U.S. Second Circuit - The FindLaw 2nd Circuit Court of Appeals Opinion Summaries Blog

November 2014 Archives

Michael Lewis Didn't Defame Wing Chau in 'The Big Short': 2nd Cir.

Michael Lewis' nonfiction book The Big Short, published in 2011, chronicled the 2008 financial crisis as seen through the eyes of some of the people involved in it, including the hedge fund managers who "shorted" (bet against) the market.

In one chapter of the book, Steven Eisman, one of Lewis' sources, meets Wing Chau, the owner of an investment firm that managed collateralized debt obligations (CDOs). CDOs were investments comprised of portions of thousands of subprime mortgages; they were a key vector for the financial collapse.

Soldiers' Families Seek to Hold Banks Liable For Terrorism in Iraq

Casualties, tragically, are a part of war. Soldiers, and their countries, enter into battle knowing that they may pay the ultimate price. And legally, soldiers' families can't sue over their lost lives.

But what happens when those sacrificed lives are taken by those outside of the war?

As Alison Frankel explains for Reuters, the Anti-Terrorism Act of 1992 (ATA) gives these causalities a right of action against certain parties. And the families of a few fallen soldiers are now invoking that law against some of the largest banks in Europe, claiming that they conspired to evade sanctions on Iran, and that the funding passed through was used to sponsor Iranian-trained groups that attacked U.S. soldiers in Iraq.

Loretta Lynch, N.Y. Prosecutor, Nominated for Attorney General

When Eric Holder announced last month that he was done, finished, outta here, everyone wondered who the next Attorney General of the United States would be.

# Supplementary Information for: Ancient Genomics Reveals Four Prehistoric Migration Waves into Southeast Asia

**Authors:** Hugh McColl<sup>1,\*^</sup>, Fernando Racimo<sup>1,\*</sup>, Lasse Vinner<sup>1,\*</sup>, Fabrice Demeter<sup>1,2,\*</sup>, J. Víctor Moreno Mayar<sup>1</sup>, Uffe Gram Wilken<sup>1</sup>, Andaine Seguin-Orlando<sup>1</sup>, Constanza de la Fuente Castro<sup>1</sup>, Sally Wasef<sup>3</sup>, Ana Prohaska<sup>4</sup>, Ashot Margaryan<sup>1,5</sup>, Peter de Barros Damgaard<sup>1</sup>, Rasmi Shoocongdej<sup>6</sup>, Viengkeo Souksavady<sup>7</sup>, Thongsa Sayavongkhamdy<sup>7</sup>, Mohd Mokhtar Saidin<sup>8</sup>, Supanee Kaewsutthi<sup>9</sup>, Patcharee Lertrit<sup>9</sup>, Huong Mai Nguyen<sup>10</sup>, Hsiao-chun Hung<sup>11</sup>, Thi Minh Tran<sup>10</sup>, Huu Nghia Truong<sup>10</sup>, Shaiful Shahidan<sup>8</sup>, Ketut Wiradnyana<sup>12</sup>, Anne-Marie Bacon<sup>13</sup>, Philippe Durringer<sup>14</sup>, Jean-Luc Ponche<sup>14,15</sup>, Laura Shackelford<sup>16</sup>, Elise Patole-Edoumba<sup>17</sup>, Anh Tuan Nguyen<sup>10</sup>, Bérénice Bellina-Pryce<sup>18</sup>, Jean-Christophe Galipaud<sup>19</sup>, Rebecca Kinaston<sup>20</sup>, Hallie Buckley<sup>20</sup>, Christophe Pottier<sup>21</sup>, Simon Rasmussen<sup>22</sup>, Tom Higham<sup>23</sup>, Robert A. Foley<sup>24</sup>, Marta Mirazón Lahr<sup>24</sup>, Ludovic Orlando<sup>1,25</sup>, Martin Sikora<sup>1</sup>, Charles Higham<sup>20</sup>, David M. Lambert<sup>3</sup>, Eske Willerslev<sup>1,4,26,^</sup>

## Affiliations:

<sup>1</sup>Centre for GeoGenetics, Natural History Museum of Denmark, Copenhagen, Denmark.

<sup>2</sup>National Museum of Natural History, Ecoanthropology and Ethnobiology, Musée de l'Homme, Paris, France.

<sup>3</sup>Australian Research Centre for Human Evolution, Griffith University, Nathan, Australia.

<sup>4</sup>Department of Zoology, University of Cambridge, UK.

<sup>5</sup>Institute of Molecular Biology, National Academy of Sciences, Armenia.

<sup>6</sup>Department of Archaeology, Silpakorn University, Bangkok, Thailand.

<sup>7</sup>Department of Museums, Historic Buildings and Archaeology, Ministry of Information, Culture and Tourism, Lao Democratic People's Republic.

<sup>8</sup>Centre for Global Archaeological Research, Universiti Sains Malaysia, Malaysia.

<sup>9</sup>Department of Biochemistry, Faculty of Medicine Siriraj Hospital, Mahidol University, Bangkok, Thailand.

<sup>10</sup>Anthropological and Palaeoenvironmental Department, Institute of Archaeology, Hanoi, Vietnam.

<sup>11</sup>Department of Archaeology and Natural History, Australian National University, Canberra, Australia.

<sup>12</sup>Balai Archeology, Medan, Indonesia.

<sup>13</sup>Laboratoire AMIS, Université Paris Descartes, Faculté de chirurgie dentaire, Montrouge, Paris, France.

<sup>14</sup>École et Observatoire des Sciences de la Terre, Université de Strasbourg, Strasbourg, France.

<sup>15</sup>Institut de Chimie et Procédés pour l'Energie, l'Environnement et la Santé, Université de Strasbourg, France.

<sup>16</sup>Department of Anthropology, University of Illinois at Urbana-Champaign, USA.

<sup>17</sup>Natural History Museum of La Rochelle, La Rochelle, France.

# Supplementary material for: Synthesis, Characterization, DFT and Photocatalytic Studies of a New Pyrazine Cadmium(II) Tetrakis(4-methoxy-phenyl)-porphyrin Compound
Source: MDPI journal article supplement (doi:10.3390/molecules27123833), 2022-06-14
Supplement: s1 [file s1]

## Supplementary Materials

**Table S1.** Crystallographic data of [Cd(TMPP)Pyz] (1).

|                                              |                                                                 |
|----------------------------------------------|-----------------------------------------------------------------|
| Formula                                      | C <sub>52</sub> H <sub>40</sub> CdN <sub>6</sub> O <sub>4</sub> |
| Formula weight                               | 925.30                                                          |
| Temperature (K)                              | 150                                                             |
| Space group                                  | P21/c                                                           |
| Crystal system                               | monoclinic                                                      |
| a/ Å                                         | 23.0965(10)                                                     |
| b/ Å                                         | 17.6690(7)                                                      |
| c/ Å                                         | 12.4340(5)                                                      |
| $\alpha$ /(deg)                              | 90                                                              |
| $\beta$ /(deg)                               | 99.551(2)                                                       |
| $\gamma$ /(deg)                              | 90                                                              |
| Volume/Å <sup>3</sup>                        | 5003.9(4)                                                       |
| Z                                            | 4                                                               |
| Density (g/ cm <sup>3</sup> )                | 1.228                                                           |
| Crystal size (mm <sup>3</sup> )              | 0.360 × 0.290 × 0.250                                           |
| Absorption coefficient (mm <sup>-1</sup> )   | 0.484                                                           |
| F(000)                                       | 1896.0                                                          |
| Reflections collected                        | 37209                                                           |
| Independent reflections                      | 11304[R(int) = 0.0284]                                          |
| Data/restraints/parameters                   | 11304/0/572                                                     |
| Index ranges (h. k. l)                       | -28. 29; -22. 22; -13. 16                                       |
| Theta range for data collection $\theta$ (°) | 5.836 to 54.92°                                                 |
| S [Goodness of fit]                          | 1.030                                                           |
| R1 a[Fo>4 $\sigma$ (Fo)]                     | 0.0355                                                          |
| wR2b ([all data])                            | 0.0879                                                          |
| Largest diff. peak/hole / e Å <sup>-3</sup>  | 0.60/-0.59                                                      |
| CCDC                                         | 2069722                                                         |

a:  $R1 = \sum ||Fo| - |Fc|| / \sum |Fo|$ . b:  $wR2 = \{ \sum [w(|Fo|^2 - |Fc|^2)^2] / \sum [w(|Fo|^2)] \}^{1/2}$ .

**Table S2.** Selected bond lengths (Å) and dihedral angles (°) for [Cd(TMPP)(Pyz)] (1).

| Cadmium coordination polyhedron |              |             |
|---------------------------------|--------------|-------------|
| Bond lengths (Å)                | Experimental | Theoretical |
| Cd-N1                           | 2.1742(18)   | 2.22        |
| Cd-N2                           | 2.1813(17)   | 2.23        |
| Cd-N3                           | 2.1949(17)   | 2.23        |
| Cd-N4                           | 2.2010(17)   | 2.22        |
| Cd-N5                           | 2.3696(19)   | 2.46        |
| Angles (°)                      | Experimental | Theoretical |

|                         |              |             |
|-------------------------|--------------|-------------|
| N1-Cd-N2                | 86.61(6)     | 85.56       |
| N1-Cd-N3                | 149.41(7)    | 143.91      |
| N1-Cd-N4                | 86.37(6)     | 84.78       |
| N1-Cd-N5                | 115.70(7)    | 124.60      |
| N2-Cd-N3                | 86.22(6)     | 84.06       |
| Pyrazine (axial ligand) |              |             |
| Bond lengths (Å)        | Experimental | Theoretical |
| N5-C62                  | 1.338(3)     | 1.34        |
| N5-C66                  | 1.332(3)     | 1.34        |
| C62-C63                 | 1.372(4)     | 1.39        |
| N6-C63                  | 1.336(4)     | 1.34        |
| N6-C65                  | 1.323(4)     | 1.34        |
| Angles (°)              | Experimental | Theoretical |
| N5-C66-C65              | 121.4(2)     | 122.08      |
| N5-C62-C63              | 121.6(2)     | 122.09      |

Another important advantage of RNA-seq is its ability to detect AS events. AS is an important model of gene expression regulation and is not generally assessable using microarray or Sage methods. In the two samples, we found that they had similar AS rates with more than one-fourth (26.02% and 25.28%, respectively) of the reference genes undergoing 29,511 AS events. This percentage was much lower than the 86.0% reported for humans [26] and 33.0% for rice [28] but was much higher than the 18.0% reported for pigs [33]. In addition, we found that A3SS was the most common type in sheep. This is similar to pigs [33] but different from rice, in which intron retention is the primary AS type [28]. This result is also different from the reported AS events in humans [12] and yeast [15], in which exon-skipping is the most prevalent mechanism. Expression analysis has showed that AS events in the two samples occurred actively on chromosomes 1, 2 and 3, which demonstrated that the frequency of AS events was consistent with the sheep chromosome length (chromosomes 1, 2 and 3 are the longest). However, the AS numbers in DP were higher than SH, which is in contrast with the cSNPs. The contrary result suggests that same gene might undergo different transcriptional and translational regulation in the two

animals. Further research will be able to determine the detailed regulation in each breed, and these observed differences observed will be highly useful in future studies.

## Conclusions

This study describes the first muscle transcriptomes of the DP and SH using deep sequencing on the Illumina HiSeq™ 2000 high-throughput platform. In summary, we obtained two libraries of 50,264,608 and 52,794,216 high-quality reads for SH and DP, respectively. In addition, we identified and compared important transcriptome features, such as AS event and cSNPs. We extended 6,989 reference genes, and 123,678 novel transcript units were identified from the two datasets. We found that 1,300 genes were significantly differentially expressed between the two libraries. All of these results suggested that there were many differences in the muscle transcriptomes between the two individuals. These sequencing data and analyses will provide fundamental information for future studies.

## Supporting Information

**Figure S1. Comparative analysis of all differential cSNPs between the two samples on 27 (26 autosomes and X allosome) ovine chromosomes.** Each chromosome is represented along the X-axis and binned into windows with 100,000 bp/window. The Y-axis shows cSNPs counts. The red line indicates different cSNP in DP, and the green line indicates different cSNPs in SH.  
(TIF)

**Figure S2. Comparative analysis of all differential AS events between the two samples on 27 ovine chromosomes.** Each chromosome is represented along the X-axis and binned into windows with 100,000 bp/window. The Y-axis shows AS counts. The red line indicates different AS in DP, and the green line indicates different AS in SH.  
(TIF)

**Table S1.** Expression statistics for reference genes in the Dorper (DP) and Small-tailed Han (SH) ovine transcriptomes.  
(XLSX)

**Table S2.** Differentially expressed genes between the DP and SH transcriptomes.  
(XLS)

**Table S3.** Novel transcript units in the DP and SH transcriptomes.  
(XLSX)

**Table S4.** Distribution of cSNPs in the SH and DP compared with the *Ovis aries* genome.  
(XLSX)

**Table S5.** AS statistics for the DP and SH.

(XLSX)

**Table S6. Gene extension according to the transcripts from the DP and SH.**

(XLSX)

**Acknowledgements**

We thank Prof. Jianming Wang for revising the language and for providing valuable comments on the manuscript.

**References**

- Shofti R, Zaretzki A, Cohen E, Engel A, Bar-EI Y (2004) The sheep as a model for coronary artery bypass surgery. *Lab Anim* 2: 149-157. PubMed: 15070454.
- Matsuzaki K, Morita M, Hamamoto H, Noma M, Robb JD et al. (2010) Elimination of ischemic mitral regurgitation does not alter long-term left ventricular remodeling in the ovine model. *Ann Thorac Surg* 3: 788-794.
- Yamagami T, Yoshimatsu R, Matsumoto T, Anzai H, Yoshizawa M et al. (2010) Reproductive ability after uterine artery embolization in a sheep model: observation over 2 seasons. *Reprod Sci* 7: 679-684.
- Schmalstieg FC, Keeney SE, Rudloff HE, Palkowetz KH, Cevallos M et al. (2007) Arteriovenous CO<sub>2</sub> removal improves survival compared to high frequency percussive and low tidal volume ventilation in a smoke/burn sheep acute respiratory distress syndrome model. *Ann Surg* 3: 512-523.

And they also wondered how President Obama would be able to push through someone who was as tough as Holder was on issues that -- well, let's say issues that the new Senate majority might not want the new AG to be investigating so much.

Well, wonder no more. President Obama has confirmed the rumors, nominating U.S. Attorney Loretta Lynch to the post. If confirmed, Lynch would be the second woman, the second African American, and the first African American woman to hold the post.

More Ex-Franchisees Dismissed in 6-Year-Old NYC Labor Case

Between the late '80s and the late '90s, Peter Glazman recruited a variety of people to be "franchisees" for his courier business, in which his company delivered packages around New York City. Glazman's franchisees basically paid for everything themselves: a white van, "training" fees, "beeper" fees, insurance, taxes, gas, uniforms, and on and on.

The plaintiffs in this case are several franchisees -- many of whom recently emigrated from Eastern Europe and spoke limited English -- who claimed that they would be promised a 60 percent commission from each package delivery. There was never really any accounting of that, and Glazman claimed there was never any agreement to pay them that.

Stop and Frisk Litigation Finally, Thankfully, Hopefully at an End

This has been going on for far too long -- the litigation, that is. "Stop and frisk" was a terrible, constitutionally suspect practice where police officers would stop and pat down pedestrians in high-crime areas for no real reason. Disproportionately, those stopped were minorities.

Perhaps seeing the writing on the wall after multiple unfavorable court decisions, or perhaps because he understands the Fourth Amendment better than his predecessor, New York City Mayor Bill de Blasio decided to settle the case. But the police unions, unhappy with the settlement, sought to intervene.

On Friday, the Second Circuit, affirming the district court's earlier ruling, held that their attempt was too little, too late. And with no intervenors left to spoil the party, this could be the last we hear about stop and frisk.